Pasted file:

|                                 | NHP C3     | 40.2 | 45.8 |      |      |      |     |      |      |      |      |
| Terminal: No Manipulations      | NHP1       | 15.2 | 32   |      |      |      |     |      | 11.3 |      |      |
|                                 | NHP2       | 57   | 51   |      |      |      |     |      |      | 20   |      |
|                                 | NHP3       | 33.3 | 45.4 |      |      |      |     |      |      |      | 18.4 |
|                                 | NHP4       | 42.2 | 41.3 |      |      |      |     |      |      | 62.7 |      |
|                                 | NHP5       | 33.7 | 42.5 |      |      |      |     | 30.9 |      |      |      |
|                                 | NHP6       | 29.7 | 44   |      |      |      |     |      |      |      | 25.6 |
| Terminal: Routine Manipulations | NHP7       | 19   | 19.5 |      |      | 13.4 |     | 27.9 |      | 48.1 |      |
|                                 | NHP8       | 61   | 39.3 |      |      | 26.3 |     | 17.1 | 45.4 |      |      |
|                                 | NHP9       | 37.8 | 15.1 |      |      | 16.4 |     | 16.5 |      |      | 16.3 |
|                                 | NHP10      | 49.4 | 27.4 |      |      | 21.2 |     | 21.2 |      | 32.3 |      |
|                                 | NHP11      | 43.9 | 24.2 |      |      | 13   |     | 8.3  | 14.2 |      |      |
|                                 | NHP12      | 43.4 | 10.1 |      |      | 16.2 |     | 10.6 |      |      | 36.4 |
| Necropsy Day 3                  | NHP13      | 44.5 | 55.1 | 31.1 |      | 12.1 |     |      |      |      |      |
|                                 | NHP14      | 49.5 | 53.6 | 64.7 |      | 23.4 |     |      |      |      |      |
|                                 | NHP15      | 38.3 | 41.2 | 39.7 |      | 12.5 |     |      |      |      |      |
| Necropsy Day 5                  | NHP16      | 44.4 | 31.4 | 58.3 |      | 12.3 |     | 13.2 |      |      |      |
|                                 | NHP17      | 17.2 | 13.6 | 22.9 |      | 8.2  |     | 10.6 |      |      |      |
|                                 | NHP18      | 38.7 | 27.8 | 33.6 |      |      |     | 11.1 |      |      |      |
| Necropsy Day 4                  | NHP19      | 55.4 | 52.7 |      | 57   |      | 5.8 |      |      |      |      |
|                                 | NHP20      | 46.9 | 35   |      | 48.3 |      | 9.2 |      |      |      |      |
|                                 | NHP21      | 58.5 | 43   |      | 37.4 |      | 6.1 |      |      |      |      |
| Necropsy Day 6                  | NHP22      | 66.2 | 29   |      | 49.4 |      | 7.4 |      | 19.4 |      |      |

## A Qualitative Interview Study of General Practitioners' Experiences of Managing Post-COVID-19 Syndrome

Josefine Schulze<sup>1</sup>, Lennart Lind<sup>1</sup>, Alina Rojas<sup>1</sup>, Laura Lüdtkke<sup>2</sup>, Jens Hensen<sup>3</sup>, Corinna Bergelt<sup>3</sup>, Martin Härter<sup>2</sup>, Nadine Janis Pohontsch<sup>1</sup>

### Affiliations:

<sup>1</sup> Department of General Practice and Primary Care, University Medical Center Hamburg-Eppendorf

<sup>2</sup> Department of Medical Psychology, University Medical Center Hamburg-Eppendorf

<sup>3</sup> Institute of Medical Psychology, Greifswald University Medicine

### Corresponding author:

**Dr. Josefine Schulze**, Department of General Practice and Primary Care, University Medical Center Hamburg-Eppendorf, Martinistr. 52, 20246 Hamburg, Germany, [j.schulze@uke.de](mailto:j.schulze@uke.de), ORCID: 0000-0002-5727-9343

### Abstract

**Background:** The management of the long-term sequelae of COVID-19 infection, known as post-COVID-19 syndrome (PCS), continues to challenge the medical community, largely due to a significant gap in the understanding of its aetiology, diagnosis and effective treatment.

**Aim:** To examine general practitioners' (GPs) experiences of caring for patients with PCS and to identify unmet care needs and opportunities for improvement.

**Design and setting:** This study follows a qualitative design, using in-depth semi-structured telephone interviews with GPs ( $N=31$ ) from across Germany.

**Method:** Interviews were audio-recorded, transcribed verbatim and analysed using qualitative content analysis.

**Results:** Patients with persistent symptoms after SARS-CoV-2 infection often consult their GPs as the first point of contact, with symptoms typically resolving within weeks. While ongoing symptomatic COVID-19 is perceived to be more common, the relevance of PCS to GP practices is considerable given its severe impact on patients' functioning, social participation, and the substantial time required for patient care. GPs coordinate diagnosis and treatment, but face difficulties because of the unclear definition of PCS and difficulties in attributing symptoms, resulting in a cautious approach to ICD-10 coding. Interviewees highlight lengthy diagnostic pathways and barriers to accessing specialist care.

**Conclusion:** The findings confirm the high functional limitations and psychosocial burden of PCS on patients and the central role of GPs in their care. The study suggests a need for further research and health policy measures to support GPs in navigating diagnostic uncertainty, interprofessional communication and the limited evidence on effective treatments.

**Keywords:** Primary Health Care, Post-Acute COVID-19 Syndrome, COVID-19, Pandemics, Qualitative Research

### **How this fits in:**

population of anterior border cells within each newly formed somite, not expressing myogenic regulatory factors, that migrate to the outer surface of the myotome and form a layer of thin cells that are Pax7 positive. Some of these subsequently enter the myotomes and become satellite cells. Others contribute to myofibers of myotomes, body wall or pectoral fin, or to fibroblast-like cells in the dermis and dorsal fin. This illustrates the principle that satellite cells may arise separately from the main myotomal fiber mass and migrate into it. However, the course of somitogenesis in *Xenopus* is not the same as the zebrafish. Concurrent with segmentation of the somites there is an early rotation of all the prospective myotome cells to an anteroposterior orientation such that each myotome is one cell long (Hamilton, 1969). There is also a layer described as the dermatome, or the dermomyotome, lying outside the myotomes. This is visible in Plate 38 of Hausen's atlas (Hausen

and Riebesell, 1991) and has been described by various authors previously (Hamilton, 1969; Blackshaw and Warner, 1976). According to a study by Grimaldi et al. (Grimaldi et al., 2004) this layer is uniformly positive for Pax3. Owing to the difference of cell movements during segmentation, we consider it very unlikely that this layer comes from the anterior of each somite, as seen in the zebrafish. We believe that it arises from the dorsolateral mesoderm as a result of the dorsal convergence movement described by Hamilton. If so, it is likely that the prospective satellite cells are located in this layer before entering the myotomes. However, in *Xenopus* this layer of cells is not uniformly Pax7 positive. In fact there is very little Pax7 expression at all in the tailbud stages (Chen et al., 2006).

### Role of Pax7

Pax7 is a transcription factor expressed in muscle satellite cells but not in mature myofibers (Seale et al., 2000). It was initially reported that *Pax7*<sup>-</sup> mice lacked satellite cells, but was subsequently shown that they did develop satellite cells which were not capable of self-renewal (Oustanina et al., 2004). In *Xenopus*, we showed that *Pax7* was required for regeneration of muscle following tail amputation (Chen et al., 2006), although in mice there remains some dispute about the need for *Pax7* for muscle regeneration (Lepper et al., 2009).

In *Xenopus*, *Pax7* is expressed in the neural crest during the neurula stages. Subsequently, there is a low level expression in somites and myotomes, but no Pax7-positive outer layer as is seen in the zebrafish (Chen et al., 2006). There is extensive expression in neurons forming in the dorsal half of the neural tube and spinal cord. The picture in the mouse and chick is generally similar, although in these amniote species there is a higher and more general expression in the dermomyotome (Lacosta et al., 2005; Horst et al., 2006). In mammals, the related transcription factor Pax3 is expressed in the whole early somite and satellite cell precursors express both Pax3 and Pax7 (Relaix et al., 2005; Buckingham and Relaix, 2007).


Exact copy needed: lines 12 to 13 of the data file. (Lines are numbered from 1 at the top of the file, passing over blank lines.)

|                                 | NHP11      | 43.9 | 24.2 |      |      | 13   |     | 8.3  | 14.2 |      |      |
|                                 | NHP12      | 43.4 | 10.1 |      |      | 16.2 |     | 10.6 |      |      | 36.4 |